China launched a nationwide carbon-trading scheme Tuesday, solidifying the country’s role as an emerging leader in the fight against climate change. The market will initially cover about 1,700 of the country’s coal- and natural-gas-based power-generating companies, accounting for about 3 billion tons of carbon dioxide emissions per year — more than a third of the country’s total, China’s powerful National Development and Reform Commission announced at a news conference.
“The power-generation industry is in the most favorable position [for the scheme] right now, with the most complete data and a relatively large scale of carbon emissions,” Zhang Yong, a vice chairman at the commission, told reporters. Later, the scheme will expand to cover seven other sectors, including petrochemicals, chemicals, building materials, and iron and steel.
Even limited to the power sector, China’s national carbon market will be the world’s biggest — about 1.5 times as large as the second-biggest, the European Union, and several times bigger than California’s (the biggest in North America). “This is an incredibly ambitious exercise,” said Nathaniel Keohane, a vice president at the Environmental Defense Fund, a New York-based nonprofit that has helped China devise the scheme. “It’s like the Pyramids of Giza.” Keohane said the scheme could enable China — the world’s biggest greenhouse gas emitter — to formulate even more ambitious climate goals in coming years, potentially reaching peak emissions before its stated target of 2030.
The Chinese government will spend a year building a nationwide registration system covering all companies participating in the scheme, the state-run China Daily reported; it will spend another year testing the system. Actual transactions will begin in about three years. “I don’t think we should be surprised that China is proceeding fairly thoroughly and methodically,” Keohane said. “I think that’s a good thing — it means they’re intent on getting it right.”
An emissions trading scheme is, essentially, a market-based incentive system to reduce greenhouse gas emissions. It involves setting a limit on total carbon emissions, and then — within that limit — allowing polluting companies to buy “carbon credits” from their less-polluting counterparts, thereby imposing a financial burden on the polluters and granting rewards to cleaner entities.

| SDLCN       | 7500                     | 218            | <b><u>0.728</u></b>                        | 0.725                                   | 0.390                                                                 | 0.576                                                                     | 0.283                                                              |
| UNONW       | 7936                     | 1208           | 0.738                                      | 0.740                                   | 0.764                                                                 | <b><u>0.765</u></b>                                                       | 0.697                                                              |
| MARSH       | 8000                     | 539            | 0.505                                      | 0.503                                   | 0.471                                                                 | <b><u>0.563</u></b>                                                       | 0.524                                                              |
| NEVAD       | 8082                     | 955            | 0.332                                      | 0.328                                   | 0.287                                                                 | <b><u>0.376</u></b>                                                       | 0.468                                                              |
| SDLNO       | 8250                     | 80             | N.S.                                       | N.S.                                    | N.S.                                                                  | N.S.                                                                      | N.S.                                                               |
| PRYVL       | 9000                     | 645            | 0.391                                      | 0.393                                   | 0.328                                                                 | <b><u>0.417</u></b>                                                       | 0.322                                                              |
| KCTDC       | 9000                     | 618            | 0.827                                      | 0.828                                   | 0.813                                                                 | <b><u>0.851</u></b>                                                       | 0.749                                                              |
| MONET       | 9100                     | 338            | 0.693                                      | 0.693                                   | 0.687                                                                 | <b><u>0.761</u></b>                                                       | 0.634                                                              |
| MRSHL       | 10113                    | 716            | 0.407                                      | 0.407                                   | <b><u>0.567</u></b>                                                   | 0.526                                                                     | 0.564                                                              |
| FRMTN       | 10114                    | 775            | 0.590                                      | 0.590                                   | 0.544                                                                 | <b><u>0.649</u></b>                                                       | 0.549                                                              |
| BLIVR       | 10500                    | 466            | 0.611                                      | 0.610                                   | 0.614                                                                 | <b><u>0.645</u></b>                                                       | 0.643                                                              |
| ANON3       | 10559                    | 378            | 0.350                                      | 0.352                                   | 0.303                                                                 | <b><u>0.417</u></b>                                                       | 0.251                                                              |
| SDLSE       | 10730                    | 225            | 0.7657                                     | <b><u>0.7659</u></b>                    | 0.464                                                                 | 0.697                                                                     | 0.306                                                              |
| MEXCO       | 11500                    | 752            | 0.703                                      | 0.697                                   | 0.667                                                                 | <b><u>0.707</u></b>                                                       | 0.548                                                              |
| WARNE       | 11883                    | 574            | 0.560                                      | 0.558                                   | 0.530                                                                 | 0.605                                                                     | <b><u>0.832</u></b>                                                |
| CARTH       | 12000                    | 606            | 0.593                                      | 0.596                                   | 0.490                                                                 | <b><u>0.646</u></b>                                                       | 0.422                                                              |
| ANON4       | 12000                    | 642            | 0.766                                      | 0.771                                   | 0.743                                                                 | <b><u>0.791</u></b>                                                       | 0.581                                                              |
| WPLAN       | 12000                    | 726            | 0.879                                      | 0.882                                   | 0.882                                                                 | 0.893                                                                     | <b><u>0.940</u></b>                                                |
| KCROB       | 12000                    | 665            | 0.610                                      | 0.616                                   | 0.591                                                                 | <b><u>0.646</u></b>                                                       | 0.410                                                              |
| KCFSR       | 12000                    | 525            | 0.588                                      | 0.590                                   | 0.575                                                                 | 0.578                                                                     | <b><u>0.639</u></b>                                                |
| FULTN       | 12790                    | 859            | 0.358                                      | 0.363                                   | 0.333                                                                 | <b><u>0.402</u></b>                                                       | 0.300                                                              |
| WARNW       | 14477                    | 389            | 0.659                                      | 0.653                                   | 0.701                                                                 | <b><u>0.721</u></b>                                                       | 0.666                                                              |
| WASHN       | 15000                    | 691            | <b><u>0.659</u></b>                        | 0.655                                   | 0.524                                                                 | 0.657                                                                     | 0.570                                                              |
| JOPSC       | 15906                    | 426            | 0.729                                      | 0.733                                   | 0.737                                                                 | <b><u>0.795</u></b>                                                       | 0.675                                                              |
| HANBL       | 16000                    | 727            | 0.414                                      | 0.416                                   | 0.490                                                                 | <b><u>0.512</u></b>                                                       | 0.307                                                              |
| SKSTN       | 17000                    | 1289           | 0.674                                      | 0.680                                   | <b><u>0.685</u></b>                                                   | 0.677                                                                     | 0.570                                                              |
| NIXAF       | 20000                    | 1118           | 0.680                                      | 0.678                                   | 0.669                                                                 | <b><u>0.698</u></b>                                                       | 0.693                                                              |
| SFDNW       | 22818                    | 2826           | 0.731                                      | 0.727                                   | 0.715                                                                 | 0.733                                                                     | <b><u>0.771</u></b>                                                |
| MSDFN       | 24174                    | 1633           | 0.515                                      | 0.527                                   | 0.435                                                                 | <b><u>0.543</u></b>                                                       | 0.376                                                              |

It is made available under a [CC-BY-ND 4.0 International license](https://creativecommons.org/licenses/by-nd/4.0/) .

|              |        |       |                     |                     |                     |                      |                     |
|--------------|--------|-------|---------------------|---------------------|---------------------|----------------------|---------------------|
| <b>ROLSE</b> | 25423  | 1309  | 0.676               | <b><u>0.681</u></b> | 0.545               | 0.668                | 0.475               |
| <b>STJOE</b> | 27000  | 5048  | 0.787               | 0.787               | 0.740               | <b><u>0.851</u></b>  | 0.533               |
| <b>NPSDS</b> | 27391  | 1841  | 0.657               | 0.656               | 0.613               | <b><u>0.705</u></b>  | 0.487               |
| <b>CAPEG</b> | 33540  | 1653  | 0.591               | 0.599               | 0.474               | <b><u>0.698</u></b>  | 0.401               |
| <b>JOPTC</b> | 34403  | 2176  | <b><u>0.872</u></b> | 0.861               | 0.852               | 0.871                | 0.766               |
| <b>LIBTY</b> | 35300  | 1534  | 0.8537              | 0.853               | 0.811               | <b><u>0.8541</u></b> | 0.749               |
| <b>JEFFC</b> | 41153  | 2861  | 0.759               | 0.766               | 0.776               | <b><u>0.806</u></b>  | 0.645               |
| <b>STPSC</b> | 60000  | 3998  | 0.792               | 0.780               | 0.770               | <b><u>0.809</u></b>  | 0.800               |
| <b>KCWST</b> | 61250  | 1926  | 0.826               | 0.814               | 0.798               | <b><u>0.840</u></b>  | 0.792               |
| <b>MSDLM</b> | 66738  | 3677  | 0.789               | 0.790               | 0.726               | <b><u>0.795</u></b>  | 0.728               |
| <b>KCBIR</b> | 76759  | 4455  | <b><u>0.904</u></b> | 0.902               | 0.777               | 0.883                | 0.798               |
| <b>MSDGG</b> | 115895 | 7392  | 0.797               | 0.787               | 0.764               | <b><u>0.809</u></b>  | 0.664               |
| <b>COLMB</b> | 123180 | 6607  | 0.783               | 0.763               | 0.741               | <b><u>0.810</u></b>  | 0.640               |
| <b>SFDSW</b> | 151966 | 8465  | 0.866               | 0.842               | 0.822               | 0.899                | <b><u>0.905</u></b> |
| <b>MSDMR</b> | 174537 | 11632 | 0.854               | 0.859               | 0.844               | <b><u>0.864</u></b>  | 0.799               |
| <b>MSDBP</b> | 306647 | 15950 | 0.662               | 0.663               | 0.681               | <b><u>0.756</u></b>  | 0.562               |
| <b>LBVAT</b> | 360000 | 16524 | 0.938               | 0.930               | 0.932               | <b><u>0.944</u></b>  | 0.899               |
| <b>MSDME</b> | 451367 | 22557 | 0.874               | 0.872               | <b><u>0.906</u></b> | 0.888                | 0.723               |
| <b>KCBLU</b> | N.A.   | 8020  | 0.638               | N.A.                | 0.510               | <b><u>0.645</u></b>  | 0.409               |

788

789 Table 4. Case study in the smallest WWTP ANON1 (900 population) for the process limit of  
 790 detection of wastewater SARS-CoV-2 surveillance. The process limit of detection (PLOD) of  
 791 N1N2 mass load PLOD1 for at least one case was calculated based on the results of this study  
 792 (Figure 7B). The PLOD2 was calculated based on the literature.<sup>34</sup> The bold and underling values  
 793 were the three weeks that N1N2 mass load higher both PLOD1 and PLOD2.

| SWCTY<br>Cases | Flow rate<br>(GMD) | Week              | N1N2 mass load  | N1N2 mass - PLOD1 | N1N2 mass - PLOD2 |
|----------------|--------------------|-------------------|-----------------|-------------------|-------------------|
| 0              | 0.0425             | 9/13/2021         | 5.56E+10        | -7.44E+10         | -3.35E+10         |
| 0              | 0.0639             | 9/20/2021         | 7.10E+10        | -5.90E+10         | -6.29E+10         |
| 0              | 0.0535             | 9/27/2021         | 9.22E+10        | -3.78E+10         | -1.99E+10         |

Proponents say that the system is more efficient than strict, across-the-board emissions limits, and prevents enterprises from shunting the costs of environmental pollution to the public. In 2015, Chinese President Xi Jinping promised to launch the scheme this year during a meeting with President Obama in the run-up to the historic 2015 Paris climate accord. It will build on seven regional pilot programs that were approved in 2011.
Experts say that China is assuming climate leadership from the U.S., which has been retreating on its climate advocacy since President Trump’s inauguration in January. Trump, who has repeatedly cast doubt on the existence of human-induced climate change, announced in June that the U.S. would leave the Paris climate accord; on Monday, in a wide-ranging national security speech, he dropped climate change from a list of global threats.
Several states, including California, have shunned Washington’s position on the issue; in June, Gov. Jerry Brown traveled to China and signed a nonbinding agreement with Beijing to limit greenhouse gases. Although pollution remains a serious concern across China, the government’s anti-pollution efforts — and by extension, its climate mitigation efforts — are gaining strength.
Much of it traces back to Xi’s environmental record. “Clear waters and green mountains are as valuable as mountains of gold and silver,” Xi once said, and the expression has become standard in government propaganda and state media reports. In October, the Communist Party elevated Xi to become the country’s most powerful leader since Mao Tse-tung.
Beijing’s skies have been unseasonably blue this winter, due in part to favorable weather, but also because local officials in neighboring provinces banned coal use, despite a lack of alternative energy sources. After natural gas prices spiked — and many people complained of going without heat in midwinter — officials partially rescinded the ban.
Experts say the carbon market’s success is not assured — China is beleaguered by limited monitoring and verification capabilities, a lack of transparency, and a politically-influenced legal system. “Putting a price on carbon is the right signal to send in this … blue-sky-deprived world,” said Li Shuo, senior global policy advisor at Greenpeace East Asia. “By doing so, Beijing also positions itself ahead of major industrialized countries, many of whom are still seeing climate action as a burden rather than an opportunity.”
“However, with the announced system far from as comprehensive as it originally set out to be, much work still lies ahead,” he continued. “With the system now expanded to cover the entire country, local capacity also needs to catch up.”